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News Briefs

November 23, 1995
Web posted at: 1 a.m. EST

American killed in Bosnia was U.N. civilian employee

WASHINGTON (CNN) -- An American killed in Bosnia last weekend was identified Wednesday as William Jefferson, a civilian employee of the United Nations.

The New Jersey native was found shot to death near the town of Banovici, not far from where U.S. peacekeeping forces are to be based in Bosnia as part of the NATO mission.

State department spokesperson Nicholas Burns said the U.N. is conducting an investigation into Jefferson's death.

A U.N. spokesperson said evidence indicated the killing may have been a criminal act. Jefferson's car and personal belongings were reported missing.



Joseph Waldholtz

Husband of troubled Congresswoman appears in court

WASHINGTON (CNN) -- Joseph Waldholtz, the husband of Utah Congresswoman Enid Waldholtz, is still not certain that he will testify before a grand jury inquiring into his financial transactions, his attorneys told a federal judge Wednesday.

At a brief court appearance, attorneys for the government and Waldholtz said they were still discussing whether Waldholtz would invoke his fifth amendment right against self- incrimination.

As Waldholtz left court, he said, "I love my wife and daughter very very much and I hope they are doing well."

Enid Waldholtz, a prominent freshman Republican, filed for divorce last week after her husband vanished. She said she was "angry and hurt" that her husband had deceived her about the family's finances.

Waldholtz turned himself in after the government issued an arrest warrant for him as a material witness in an apparent check-kiting scheme.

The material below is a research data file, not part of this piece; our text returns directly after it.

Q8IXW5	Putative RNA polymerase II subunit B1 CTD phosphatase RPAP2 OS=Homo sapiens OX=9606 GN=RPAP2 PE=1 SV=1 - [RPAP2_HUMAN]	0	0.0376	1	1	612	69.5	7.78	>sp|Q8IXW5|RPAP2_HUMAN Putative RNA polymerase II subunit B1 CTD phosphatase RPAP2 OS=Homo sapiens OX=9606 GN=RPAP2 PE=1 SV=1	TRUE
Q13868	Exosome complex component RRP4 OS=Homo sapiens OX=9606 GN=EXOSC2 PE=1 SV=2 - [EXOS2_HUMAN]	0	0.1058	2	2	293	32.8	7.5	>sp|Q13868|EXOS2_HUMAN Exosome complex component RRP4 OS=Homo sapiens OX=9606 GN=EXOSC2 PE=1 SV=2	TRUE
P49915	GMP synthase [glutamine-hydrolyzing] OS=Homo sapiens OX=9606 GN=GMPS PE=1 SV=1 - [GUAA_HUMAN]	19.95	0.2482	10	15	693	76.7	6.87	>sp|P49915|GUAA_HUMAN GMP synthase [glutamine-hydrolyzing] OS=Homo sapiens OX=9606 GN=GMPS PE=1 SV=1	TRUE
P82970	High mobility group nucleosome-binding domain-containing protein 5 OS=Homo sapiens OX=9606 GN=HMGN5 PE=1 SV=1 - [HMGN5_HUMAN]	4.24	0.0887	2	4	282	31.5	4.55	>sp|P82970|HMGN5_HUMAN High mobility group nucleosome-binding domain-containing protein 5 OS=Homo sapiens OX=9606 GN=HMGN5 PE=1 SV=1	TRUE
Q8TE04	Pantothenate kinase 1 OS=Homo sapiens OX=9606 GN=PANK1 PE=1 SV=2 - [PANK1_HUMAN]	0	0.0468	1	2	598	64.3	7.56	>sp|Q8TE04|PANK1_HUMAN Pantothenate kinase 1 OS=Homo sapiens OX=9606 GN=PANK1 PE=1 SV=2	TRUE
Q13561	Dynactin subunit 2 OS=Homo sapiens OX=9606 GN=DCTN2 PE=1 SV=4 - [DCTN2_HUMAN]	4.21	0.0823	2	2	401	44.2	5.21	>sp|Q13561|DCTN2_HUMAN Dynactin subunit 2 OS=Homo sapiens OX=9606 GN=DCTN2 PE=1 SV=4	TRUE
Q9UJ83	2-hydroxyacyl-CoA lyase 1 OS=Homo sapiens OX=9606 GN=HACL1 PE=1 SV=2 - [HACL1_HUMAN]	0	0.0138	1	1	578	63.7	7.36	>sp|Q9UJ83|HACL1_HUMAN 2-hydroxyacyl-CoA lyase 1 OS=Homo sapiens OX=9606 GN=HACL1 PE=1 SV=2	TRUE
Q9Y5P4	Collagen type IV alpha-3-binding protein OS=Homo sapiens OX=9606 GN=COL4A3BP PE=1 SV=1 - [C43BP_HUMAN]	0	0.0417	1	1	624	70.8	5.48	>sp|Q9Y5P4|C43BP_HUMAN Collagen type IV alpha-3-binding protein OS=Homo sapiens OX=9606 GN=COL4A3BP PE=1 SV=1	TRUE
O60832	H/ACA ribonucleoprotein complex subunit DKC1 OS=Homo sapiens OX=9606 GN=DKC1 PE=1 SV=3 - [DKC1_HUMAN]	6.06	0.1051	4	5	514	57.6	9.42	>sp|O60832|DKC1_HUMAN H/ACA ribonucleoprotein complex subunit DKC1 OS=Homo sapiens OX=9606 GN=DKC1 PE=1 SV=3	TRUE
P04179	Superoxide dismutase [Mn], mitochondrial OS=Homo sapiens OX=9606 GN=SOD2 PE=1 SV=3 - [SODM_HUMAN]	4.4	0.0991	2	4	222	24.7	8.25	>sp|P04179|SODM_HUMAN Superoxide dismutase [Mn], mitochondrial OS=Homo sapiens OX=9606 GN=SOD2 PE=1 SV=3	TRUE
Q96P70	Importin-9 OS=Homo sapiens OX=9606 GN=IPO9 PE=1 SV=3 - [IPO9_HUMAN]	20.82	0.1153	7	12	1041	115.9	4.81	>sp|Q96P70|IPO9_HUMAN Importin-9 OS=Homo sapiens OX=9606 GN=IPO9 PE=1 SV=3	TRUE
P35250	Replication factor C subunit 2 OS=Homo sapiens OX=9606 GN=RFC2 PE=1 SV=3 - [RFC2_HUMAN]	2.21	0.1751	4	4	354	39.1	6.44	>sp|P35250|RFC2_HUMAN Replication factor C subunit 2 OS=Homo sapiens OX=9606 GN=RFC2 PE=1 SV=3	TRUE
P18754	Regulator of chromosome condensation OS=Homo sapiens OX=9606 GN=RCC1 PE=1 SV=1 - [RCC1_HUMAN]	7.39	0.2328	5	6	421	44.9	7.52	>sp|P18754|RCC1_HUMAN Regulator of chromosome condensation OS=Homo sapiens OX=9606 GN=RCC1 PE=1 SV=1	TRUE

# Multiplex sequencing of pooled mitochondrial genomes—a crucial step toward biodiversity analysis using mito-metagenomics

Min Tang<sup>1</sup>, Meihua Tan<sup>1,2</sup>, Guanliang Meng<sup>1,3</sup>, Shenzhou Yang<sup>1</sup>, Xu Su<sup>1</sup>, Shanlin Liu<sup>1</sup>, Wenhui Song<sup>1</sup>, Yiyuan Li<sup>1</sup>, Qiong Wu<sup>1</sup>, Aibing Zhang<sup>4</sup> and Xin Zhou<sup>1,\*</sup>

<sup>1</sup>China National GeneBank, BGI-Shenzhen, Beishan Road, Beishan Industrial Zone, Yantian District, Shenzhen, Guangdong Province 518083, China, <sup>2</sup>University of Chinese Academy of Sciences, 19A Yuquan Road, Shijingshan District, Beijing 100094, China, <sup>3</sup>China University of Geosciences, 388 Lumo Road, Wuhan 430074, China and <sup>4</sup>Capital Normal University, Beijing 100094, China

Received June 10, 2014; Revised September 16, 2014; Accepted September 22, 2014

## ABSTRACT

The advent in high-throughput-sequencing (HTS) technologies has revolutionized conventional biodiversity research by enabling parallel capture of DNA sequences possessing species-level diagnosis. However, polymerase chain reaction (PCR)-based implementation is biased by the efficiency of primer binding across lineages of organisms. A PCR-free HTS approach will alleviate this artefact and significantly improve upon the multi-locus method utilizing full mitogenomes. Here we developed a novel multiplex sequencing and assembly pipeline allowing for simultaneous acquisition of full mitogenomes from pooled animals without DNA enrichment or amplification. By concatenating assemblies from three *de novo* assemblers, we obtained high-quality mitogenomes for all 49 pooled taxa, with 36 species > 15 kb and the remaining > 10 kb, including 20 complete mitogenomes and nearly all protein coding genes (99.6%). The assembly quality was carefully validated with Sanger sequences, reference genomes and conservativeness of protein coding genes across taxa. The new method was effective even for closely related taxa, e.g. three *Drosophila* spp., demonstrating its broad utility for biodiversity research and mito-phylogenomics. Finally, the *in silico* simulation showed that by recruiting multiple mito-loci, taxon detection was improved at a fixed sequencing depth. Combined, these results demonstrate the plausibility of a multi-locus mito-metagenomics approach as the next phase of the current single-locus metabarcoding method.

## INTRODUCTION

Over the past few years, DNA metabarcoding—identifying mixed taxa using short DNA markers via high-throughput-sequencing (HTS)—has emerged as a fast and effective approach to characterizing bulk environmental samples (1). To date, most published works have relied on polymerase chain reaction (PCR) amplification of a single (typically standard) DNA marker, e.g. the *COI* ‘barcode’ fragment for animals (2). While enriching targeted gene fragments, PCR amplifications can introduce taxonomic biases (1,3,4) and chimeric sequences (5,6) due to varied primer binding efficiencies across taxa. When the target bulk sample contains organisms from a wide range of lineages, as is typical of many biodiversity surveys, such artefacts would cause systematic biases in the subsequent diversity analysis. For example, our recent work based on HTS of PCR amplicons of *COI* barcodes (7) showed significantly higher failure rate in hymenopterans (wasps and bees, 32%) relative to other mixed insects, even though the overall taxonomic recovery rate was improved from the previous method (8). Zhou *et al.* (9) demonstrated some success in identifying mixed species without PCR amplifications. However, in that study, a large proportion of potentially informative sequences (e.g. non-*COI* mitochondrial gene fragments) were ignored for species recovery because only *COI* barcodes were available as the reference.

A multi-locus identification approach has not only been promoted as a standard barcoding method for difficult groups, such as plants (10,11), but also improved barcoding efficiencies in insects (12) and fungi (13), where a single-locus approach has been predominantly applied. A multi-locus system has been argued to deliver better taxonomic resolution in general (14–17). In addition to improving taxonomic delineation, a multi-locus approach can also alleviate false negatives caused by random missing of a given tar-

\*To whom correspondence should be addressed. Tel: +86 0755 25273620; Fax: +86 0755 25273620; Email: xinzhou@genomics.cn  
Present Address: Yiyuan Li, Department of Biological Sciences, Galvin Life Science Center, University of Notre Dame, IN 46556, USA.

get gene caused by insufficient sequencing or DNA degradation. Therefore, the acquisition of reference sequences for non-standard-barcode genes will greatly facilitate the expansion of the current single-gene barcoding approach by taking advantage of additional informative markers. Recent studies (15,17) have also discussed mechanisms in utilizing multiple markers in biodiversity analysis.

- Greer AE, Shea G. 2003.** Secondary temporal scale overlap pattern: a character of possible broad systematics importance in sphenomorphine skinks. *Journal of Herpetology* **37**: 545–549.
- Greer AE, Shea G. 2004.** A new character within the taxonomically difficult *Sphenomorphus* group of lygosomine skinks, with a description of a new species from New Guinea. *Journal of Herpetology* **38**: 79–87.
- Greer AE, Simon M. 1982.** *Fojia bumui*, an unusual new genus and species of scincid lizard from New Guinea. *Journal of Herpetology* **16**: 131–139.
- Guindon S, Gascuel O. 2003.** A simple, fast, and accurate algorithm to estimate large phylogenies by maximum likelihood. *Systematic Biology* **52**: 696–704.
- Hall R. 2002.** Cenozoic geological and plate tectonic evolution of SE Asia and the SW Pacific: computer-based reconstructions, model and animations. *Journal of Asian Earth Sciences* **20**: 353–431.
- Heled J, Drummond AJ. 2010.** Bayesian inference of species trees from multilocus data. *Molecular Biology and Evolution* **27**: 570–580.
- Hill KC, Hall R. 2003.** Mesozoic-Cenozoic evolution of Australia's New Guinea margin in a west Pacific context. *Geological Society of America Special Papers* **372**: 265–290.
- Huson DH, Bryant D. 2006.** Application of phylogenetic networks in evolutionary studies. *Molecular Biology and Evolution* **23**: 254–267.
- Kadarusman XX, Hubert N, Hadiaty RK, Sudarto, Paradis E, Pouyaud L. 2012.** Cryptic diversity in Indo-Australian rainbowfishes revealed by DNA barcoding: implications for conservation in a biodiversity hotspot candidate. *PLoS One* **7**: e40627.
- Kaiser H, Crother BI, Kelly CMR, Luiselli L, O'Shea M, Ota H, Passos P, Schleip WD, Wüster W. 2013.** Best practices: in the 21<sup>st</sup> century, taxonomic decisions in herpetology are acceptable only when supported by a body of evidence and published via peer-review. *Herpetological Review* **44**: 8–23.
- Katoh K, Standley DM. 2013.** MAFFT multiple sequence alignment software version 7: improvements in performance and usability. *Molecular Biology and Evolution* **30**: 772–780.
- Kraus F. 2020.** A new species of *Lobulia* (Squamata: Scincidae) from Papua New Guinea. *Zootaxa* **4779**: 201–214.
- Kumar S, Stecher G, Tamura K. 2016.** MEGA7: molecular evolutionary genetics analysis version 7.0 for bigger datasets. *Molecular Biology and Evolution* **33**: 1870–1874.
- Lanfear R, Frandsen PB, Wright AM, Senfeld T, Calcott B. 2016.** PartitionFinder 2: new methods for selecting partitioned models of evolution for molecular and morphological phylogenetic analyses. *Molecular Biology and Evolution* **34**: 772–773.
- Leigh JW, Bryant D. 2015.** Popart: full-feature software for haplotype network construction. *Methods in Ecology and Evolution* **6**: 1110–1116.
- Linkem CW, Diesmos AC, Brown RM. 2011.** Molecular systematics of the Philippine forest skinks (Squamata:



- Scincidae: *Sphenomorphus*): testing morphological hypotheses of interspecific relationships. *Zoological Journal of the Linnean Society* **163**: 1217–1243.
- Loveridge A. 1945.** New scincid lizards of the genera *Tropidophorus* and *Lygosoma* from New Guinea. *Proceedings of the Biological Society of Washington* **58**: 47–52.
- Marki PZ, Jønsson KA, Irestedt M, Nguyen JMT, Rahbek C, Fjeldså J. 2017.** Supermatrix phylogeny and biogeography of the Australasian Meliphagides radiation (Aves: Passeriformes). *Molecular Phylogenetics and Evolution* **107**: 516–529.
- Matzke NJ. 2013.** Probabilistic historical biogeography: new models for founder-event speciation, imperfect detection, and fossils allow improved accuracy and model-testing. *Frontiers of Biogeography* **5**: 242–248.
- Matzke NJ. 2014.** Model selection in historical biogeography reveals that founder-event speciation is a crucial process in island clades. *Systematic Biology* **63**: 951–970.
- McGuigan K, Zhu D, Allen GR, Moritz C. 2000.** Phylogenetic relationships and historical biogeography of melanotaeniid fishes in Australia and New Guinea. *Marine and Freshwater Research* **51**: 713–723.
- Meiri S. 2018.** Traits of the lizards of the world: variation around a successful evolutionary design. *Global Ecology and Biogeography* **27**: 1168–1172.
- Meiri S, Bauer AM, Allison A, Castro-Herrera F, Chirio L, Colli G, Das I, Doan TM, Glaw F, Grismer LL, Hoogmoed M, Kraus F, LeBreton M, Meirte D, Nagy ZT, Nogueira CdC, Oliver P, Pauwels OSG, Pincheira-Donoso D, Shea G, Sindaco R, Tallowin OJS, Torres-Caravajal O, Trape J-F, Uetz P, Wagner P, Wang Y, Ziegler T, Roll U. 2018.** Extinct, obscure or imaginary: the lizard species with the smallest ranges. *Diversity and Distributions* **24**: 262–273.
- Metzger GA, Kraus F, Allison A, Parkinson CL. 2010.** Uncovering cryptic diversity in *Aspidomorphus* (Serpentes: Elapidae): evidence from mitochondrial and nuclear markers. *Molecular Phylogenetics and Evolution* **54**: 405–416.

District Court judge Emmet Sullivan Wednesday ordered Waldholtz to remain under tight travel restrictions, and set the next hearing for December 15.



unabomber

Unabomber investigators have 200 suspects: report

SAN FRANCISCO, California (CNN) -- In its pursuit of a phantom serial bomber, the FBI has compiled a list of 200 suspects, five of whom are under 24-hour surveillance, a San Francisco newspaper reported Wednesday.

The FBI however has insufficient evidence to arrest anyone on that list, the San Francisco Chronicle said.

The newspaper quoted a law enforcement source as saying that the five suspects under surveillance lived in Northern California.

The San Francisco-based 90-member task force includes agents from the FBI, Bureau of Alcohol, Tobacco and Firearms and the US Postal Service.

The Unabomber has targeted academics, scientists and airline executives with home-made bombs, killing three and hurting 23 people over the last 17 years.

In September, the New York Times and Washington Post printed the Unabomber's 35,000-word manifesto which denounced modern technology. The Unabomber had offered to stop killing people if they published it.



CBS

FCC approves CBS-Westinghouse deal

WASHINGTON (CNN) -- The Federal Communications Commission approved Westinghouse Inc.'s $5.4 billion buyout of CBS Inc. The transaction, which creates the nation's largest broadcaster, is expected to be secured by the weekend.

Objections to the merger were dropped when Westinghouse pledged to provide three hours per week of educational programming for children.

With this merger, the Pittsburgh-based Westinghouse will control 16 TV stations -- reaching 32 percent of the nation - - and 39 radio stations.